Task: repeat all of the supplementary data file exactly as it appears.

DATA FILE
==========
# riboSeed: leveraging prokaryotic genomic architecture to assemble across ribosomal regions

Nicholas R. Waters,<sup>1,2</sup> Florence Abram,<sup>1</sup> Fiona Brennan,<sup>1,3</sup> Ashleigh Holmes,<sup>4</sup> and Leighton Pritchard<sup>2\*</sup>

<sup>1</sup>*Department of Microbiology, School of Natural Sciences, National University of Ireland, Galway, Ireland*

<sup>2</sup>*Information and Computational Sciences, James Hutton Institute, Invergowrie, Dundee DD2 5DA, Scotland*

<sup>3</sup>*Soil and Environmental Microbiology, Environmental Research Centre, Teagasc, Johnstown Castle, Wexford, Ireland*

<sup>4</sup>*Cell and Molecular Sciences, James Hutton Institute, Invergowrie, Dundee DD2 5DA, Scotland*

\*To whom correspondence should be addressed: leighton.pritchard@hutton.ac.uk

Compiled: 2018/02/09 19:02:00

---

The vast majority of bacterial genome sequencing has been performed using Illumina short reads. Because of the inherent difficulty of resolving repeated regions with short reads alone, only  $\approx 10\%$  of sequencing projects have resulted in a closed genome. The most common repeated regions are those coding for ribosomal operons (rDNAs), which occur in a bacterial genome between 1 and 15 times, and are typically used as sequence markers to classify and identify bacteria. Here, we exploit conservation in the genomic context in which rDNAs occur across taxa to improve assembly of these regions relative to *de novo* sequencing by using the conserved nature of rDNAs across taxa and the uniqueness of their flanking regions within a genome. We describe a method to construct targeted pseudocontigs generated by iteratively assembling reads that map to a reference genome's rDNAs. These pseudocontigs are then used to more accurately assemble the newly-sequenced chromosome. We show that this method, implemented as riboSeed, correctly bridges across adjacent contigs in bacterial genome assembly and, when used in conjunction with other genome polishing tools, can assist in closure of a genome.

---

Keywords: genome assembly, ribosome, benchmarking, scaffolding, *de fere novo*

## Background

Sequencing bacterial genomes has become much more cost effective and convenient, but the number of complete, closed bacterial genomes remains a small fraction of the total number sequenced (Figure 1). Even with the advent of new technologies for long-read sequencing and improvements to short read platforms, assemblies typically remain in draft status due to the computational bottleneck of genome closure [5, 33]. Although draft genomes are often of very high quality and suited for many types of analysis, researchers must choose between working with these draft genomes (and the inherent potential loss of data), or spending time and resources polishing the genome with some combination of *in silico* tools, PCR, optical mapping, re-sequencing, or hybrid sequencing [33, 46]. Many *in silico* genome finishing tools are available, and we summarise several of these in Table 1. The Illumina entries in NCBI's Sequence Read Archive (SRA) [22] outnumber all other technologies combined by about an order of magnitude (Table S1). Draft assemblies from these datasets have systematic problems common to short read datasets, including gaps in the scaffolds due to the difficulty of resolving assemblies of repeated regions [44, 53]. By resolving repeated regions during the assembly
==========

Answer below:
# riboSeed: leveraging prokaryotic genomic architecture to assemble across ribosomal regions

Nicholas R. Waters,<sup>1,2</sup> Florence Abram,<sup>1</sup> Fiona Brennan,<sup>1,3</sup> Ashleigh Holmes,<sup>4</sup> and Leighton Pritchard<sup>2\*</sup>

<sup>1</sup>*Department of Microbiology, School of Natural Sciences, National University of Ireland, Galway, Ireland*

<sup>2</sup>*Information and Computational Sciences, James Hutton Institute, Invergowrie, Dundee DD2 5DA, Scotland*

<sup>3</sup>*Soil and Environmental Microbiology, Environmental Research Centre, Teagasc, Johnstown Castle, Wexford, Ireland*

<sup>4</sup>*Cell and Molecular Sciences, James Hutton Institute, Invergowrie, Dundee DD2 5DA, Scotland*

\*To whom correspondence should be addressed: leighton.pritchard@hutton.ac.uk

Compiled: 2018/02/09 19:02:00

---

The vast majority of bacterial genome sequencing has been performed using Illumina short reads. Because of the inherent difficulty of resolving repeated regions with short reads alone, only  $\approx 10\%$  of sequencing projects have resulted in a closed genome. The most common repeated regions are those coding for ribosomal operons (rDNAs), which occur in a bacterial genome between 1 and 15 times, and are typically used as sequence markers to classify and identify bacteria. Here, we exploit conservation in the genomic context in which rDNAs occur across taxa to improve assembly of these regions relative to *de novo* sequencing by using the conserved nature of rDNAs across taxa and the uniqueness of their flanking regions within a genome. We describe a method to construct targeted pseudocontigs generated by iteratively assembling reads that map to a reference genome's rDNAs. These pseudocontigs are then used to more accurately assemble the newly-sequenced chromosome. We show that this method, implemented as riboSeed, correctly bridges across adjacent contigs in bacterial genome assembly and, when used in conjunction with other genome polishing tools, can assist in closure of a genome.

---

Keywords: genome assembly, ribosome, benchmarking, scaffolding, *de fere novo*

## Background

Sequencing bacterial genomes has become much more cost effective and convenient, but the number of complete, closed bacterial genomes remains a small fraction of the total number sequenced (Figure 1). Even with the advent of new technologies for long-read sequencing and improvements to short read platforms, assemblies typically remain in draft status due to the computational bottleneck of genome closure [5, 33]. Although draft genomes are often of very high quality and suited for many types of analysis, researchers must choose between working with these draft genomes (and the inherent potential loss of data), or spending time and resources polishing the genome with some combination of *in silico* tools, PCR, optical mapping, re-sequencing, or hybrid sequencing [33, 46]. Many *in silico* genome finishing tools are available, and we summarise several of these in Table 1. The Illumina entries in NCBI's Sequence Read Archive (SRA) [22] outnumber all other technologies combined by about an order of magnitude (Table S1). Draft assemblies from these datasets have systematic problems common to short read datasets, including gaps in the scaffolds due to the difficulty of resolving assemblies of repeated regions [44, 53]. By resolving repeated regions during the assembly